If you tried out ARC Welder before, let us know in the comment section below which apps or games worked for you.

Airpod Apps For Mac Chrome Browser Extension

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The Google Chrome browser is now available as an Apple M1 native application, for those of you lucky enough to have M1 Mac Mini, Macbook Air, or Macbook Pro systems. (If you've been living under a rock for the last few weeks, the M1 is Apple's newest in-house-designed ARM silicon, which the company began selling in traditional form-factor laptops and Mac Minis for the first time this week.)

Google presents Chrome for download as either an x86_64 package or an M1 native option—which comes across as a little odd, since the M1 native version is actually a universal binary, which works on either M1 or traditional Intel Macs. Presumably, Google is pushing separate downloads due to the much smaller file size necessary for the x86_64-only package—the universal binary contains both x86_64 and ARM applications, and weighs in at 165MiB to the Intel-only package's 96MiB.

Performance

In our earlier testing, we declared that the previous version of Google Chrome—which was available only as an x86_64 binary and needed to be run using Rosetta 2—was perfectly fine. That was and still is a true statement; we find it difficult to believe anyone using the non-native binary for Chrome under an M1 machine would find it 'slow.' That said, Google's newer, ARM-native .dmg is available today, and—as expected—it's significantly faster if you're doing something complicated enough in your browser to notice.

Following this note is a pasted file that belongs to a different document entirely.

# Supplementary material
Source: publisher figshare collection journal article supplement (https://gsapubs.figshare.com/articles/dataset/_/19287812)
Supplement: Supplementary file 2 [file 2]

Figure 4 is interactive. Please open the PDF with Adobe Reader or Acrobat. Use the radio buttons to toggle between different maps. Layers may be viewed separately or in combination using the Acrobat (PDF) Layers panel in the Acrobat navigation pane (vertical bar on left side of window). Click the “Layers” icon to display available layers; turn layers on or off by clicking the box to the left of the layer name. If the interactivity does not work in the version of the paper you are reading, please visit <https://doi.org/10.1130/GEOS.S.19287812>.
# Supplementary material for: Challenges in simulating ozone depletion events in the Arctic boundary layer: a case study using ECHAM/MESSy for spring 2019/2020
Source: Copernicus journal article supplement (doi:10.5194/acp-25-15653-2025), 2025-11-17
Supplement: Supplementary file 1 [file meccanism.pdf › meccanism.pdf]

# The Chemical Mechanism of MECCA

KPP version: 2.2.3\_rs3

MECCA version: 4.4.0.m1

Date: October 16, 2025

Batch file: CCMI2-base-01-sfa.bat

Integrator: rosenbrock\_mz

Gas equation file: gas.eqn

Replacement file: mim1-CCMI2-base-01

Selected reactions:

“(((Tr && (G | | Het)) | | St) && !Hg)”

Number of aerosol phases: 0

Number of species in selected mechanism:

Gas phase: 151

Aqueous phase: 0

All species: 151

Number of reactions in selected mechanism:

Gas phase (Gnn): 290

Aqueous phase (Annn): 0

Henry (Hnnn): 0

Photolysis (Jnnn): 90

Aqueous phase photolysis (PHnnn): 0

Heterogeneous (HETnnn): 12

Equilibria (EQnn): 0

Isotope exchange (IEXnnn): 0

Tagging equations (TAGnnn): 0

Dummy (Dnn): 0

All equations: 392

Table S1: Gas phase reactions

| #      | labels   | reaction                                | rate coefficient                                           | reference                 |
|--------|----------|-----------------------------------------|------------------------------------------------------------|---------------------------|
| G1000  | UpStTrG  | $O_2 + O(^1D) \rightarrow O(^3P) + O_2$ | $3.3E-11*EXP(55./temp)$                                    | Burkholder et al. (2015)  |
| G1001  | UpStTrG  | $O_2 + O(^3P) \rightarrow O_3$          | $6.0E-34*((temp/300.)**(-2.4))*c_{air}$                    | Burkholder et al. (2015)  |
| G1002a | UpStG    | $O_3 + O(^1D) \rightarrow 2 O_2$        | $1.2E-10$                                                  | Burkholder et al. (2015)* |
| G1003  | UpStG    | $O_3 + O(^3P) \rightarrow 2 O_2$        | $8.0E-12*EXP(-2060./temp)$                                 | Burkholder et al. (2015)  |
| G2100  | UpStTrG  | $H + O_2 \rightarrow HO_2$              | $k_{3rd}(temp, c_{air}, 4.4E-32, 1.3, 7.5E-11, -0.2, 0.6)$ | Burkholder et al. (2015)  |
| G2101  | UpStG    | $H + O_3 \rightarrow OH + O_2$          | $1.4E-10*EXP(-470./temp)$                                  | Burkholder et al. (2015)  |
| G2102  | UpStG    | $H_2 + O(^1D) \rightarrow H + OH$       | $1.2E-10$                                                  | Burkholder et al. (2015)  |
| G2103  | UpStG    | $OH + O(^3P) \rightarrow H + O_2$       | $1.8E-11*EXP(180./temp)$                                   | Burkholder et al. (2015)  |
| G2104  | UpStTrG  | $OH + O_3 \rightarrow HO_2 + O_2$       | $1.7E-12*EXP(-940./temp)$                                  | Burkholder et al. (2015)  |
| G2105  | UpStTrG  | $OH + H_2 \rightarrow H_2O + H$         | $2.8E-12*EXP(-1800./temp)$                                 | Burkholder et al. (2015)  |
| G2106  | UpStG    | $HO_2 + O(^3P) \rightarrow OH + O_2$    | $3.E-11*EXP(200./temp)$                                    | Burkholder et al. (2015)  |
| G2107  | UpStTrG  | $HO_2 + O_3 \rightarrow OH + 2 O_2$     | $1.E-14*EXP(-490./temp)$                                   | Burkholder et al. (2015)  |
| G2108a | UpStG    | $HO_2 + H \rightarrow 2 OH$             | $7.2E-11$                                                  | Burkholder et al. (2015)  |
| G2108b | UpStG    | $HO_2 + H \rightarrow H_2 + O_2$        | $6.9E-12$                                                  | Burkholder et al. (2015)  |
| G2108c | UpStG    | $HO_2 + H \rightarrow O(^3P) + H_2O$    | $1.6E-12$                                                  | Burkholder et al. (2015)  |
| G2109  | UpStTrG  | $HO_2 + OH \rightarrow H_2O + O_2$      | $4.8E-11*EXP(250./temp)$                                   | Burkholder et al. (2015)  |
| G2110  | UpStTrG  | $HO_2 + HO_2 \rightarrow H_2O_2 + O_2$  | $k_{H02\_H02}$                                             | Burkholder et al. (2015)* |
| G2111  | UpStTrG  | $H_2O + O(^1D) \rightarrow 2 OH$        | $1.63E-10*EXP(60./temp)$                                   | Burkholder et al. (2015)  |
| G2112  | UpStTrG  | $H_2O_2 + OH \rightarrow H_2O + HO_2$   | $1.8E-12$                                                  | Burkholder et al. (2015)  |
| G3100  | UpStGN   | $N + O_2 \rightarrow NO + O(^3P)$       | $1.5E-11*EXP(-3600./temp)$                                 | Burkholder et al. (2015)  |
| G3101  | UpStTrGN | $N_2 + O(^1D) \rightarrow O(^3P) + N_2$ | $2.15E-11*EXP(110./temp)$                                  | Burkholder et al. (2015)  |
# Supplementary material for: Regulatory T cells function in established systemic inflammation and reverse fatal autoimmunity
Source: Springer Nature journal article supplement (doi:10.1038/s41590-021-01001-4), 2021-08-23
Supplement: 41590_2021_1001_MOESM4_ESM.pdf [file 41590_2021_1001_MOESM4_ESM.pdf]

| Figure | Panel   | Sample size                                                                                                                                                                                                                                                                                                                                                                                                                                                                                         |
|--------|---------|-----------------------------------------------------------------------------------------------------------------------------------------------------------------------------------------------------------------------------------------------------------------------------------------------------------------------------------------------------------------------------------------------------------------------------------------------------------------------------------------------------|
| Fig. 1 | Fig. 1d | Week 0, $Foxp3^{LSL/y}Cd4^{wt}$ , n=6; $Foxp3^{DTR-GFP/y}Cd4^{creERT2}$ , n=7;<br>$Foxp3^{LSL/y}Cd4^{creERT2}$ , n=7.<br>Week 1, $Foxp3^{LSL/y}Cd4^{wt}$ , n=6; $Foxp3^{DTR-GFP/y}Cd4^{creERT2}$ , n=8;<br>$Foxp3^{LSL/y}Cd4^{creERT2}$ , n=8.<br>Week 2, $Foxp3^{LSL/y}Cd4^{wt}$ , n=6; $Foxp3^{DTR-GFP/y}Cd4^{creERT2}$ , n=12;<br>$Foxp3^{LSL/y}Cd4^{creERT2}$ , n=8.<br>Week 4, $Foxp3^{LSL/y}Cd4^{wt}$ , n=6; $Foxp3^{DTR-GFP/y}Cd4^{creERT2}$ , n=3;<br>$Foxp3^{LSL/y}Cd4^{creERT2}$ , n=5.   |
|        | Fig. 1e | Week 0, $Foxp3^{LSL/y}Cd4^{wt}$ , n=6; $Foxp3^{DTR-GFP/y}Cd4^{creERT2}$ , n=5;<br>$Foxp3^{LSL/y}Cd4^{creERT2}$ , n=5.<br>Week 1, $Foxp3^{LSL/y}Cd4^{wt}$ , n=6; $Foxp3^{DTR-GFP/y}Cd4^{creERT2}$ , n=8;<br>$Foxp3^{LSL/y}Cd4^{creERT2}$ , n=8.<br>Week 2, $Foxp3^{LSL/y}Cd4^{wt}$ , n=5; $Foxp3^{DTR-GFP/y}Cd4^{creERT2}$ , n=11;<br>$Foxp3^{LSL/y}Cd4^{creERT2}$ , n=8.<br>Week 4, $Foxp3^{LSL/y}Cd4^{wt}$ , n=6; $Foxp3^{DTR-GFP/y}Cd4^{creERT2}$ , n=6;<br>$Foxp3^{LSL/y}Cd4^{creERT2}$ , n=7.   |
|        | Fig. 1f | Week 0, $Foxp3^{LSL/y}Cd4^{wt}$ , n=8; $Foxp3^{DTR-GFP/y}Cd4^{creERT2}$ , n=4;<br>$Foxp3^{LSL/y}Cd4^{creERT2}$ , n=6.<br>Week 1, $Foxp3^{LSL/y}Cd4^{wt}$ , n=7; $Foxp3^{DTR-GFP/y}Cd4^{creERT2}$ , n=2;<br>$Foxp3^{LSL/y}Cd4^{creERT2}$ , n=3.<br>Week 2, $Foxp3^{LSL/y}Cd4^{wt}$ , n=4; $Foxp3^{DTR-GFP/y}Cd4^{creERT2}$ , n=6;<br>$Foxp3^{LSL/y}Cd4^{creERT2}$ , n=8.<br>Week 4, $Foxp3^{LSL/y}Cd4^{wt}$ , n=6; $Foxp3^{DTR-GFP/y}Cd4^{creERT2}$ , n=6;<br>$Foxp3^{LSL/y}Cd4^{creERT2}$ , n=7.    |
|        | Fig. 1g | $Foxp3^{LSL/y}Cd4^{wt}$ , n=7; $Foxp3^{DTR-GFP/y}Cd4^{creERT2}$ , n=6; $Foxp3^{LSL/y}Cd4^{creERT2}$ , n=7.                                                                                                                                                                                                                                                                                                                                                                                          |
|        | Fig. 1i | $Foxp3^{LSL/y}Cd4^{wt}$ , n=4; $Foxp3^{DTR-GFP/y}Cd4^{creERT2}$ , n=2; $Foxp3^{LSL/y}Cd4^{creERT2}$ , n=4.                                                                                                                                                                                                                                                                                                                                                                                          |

Airpod Apps For Mac Chrome Browser Settings

The first benchmark in our gallery above, Speedometer, is the most prosaic—the only thing it does is populate lists of menu items, over and over, using a different Web-application framework each time. This is probably the most relevant benchmark of the three for 'regular webpage,' if such a thing exists. Speedometer shows a massive advantage for M1 silicon running natively, whether Safari or Chrome; Chrome x86_64 run through Rosetta2 is inconsequentially slower than Chrome running on a brand-new HP EliteBook with Ryzen 7 Pro 4750U CPU.

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Jetstream2 is the broadest of the three benchmarks and includes workloads for data sorting, regular expression parsing, graphic ray tracing, and more. This is the closest thing to a 'traditional' outside-the-browser benchmark and is the most relevant for general Web applications of all kinds—particularly heavy office applications such as spreadsheets with tons of columns, rows, and formulae but also graphic editors with local rather than cloud processing. Chrome x86_64 under Rosetta2 takes a significant back seat to everything else here—though we want to again stress that it does not feel at all slow and would perform quite well compared to nearly any other system.

Finally, MotionMark 1.1 measures complex graphic animation techniques in-browser and nothing else. Safari enjoys an absolutely crushing advantage on this test, more than doubling even M1-native Chrome's performance. The Apple M1's GPU prowess also has an inordinate impact on these test results, with Chrome both native and x86_64 translated on the M1 outrunning Chrome on the Ryzen 7 Pro 4750U powered HP EliteBook.